To all of the moms and dads who are sending sons and daughters off to school this week, I’m sending you all a big hug and dose of encouragement – it’s a busy and full week for all ~ ❤️ ~

5.0 from 1 reviews
Blueberry Burst Breakfast Muffins
Prep time
Cook time
Total time
A protein-rich blueberry breakfast muffin made from stone ground spelt, flaxseed, whipped banana and a touch of vanilla.
Serves: 12-14 muffins
  • Wet Ingredients:
  • ½ cup milk (or milk substitute)
  • ¼ cup olive oil
  • 2 tsp vanilla extract
  • 2 large ripe bananas, in pieces
  • 1 egg
  • ⅓ cup pure maple syrup
  • Dry Ingredients:
  • 1 + ¾ cups whole grain spelt flour
  • ¼ cup ground flaxseed
  • 1 tsp baking soda
  • 1 + ½ cups fresh blueberries
  1. Preheat oven to 375 F
  2. In a large mixing bowl combine: banana, vanilla, olive oil and milk. Using a mixer, blend the ingredients together until creamed - the mixture should take on a lighter and fluffy appearance.
  3. Add the egg and maple syrup, and blend to combine.
  4. In a separate bowl combine: spelt flour, ground flaxseed and baking soda, using a spoon to hand mix.
  5. Add in 1 cup fresh blueberries to the dry ingredients, mixing gently to combine and taking care not to mash the fruit.
  6. Add dry ingredients to wet ingredient bowl and mix only until combined. Try to avoid over-mixing as this hardens the batter.
  7. Spoon the muffin batter into a nonstick muffin tin (with or without cups) about ¾ full.
  8. Divide remaining blueberries on top of batter (dropping them here and there).
  9. Bake the muffins for approximately 20-24 minutes or until the muffin tops have gently browned and are firm to the touch.
  10. Remove the muffin tin from the oven and allow the muffins to cool and collect their flavor for 15-20 before unmolding and enjoying.
  11. Makes 12-14 standard size muffins.
Sweetener - although you could use coarse sugar in place of the maple syrup (adding it to the dry ingredients), I like the taste of maple syrup and find that it adds to the moistness of these muffins.
Banana Whip - blending the banana thoroughly with the other moist ingredients not only distributes the flavor throughout the muffins it is also another great tool in creating levity and moistness in the whole grain batter.
Molds - I used paper cup liners for the photos in this post however I find silicone muffin molds the most practical and useful - (no tugging and no muffin left behind, everything slides out easily in one piece) - a worthwhile investment and you can find them at many hardware stores at a very reasonable price.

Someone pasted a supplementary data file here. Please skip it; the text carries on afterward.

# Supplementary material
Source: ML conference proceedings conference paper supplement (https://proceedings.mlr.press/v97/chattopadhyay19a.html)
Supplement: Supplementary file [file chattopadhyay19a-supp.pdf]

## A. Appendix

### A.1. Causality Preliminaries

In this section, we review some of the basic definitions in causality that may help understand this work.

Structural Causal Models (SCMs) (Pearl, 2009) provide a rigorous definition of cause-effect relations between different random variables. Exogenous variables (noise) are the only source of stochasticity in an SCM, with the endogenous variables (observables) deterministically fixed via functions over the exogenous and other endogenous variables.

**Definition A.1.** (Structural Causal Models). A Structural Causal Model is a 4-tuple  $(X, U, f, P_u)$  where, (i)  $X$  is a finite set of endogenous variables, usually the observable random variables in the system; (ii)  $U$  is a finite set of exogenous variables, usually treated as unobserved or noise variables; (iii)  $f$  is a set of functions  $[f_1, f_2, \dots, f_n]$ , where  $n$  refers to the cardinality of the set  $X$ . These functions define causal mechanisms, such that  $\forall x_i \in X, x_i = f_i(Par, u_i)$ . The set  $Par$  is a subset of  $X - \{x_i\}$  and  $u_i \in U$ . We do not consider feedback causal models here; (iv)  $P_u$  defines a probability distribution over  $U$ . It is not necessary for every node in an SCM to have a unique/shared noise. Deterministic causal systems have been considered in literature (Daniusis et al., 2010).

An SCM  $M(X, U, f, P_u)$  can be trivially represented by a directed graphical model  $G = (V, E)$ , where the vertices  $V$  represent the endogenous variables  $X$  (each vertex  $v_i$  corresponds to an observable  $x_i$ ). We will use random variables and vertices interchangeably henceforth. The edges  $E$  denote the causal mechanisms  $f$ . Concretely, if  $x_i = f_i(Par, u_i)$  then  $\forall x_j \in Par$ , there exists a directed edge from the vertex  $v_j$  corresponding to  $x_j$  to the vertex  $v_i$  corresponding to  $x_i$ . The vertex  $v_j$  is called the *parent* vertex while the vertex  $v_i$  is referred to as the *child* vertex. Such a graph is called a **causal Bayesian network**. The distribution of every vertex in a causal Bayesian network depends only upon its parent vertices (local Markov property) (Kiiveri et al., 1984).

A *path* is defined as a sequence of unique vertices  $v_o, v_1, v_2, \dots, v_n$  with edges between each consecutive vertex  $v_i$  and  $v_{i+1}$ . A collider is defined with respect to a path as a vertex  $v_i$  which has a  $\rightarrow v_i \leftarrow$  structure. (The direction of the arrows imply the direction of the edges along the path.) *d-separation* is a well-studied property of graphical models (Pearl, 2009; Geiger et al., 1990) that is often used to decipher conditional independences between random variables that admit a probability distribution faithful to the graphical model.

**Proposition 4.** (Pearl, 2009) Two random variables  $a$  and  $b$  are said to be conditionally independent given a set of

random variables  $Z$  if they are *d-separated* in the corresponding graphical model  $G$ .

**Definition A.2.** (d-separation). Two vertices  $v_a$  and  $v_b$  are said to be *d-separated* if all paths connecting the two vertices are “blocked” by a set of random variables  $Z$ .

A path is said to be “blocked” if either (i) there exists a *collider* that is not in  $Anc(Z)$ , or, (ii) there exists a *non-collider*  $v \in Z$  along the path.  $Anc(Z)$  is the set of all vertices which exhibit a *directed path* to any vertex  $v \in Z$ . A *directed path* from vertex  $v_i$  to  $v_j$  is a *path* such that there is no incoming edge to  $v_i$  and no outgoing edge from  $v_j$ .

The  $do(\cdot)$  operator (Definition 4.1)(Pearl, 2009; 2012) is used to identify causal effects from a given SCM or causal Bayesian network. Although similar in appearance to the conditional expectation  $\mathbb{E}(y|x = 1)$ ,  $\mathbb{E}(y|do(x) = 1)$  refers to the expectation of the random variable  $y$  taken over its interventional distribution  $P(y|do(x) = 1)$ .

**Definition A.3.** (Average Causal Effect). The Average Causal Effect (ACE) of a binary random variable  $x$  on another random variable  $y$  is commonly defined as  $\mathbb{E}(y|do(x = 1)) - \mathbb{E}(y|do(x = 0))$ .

Flavor - I find these muffins gain flavor over time. Be sure to allow them to sit for at least 15 minutes after you take them out of the oven to allow the muffins to cool and the flavors to develop.
Storage - you can store these muffins in an airtight container or ziploc bag in the fridge for up to 3 days. The muffins also freeze beautifully.
Nutrition Information
Serving size: 83 grams (1 of 12 muffins) Calories: 127 Fat: 5.7 g Trans fat: 0 Carbohydrates: 17.6 g Sugar: 10 g Sodium: 11 mg Fiber: 2 g Protein: 2.3 g Cholesterol: 14 mg

blueberry burst breakfast muffins for back-to-school

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Black Bean Tacos with Mediterranean Salsa (Gluten Free)

black bean tacos with salsa

We’ve been doing some collaborative cooking in our home lately.

Last week our youngest made this dish ~ a fairly detailed and somewhat laborious recipe for a young cook and I was happy to partake in both the result and the journey.  He managed it with quiet confidence and persistence working through each of the steps and even made a second trip back to the store on his bike when he realized we didn’t have sour cream (I suggested Greek yogurt but was overruled – he made the right call). I have to admit I enjoyed the mom break ~ so nice to have someone else prepping food for a change but more than that, it was one of those satisfying moments when you see your child’s culinary prowess expand beyond spreading peanut butter (although we all know peanut butter sandwiches are tough to beat).

Our fourteen-year-old wasn’t the only one donning a chef’s hat last week though.  My husband, who is one of the most hands-on people I know (fixer, builder, forest tamer) rarely shows his talent in the kitchen (he’s an outdoorsy kind of guy) but when we recently returned home from holidays to a bazillion (maybe more) ripe tomatoes waiting for us in our garden, we decided on the spot that a salsa making party for two would ensue.

So with music playing and cervezas flowing, we went about cutting, chopping, squeezing and mixing with great gusto and had the best time.  I had forgotten how much fun it is to cook together!  And the result was delicious.

garden tomatoes_blog

(yes, those are squash growing beside our tomatoes – squee!)

Chunky, satisfying and packed with a range of lip-smacking flavors, this is a delicious and hearty salsa that harmonizes beautifully with a range of proteins. While you can certainly serve it as a traditional dip, our preference was to enjoy it heaped into our tacos (so good!).   A perfect complement to our gently spiced al dente beans.  Leaving the veggies in whole form (chopped vs pulverized in a blender) makes this salsa work particularly well as a taco filling. I served the tacos with a generous bowl of guacamole, a side of garden fresh green beans and some fluffy quinoa.

Corn tortilla shells (gluten free) have a different texture and taste than wheat tortillas and they also grill differently (they take longer to char) but with a little persistence, you can get them to crisp up nicely.  I often grill tortillas right on our gas cooktop in the kitchen – keeping a careful eye and using tongs to flip.  It works like a charm.

grilled black bean corn tacos with salsa

Alternatively, you can heat the shells in the oven covered in foil (as they appear in the main photo – warm/steamed but not charred/crisp).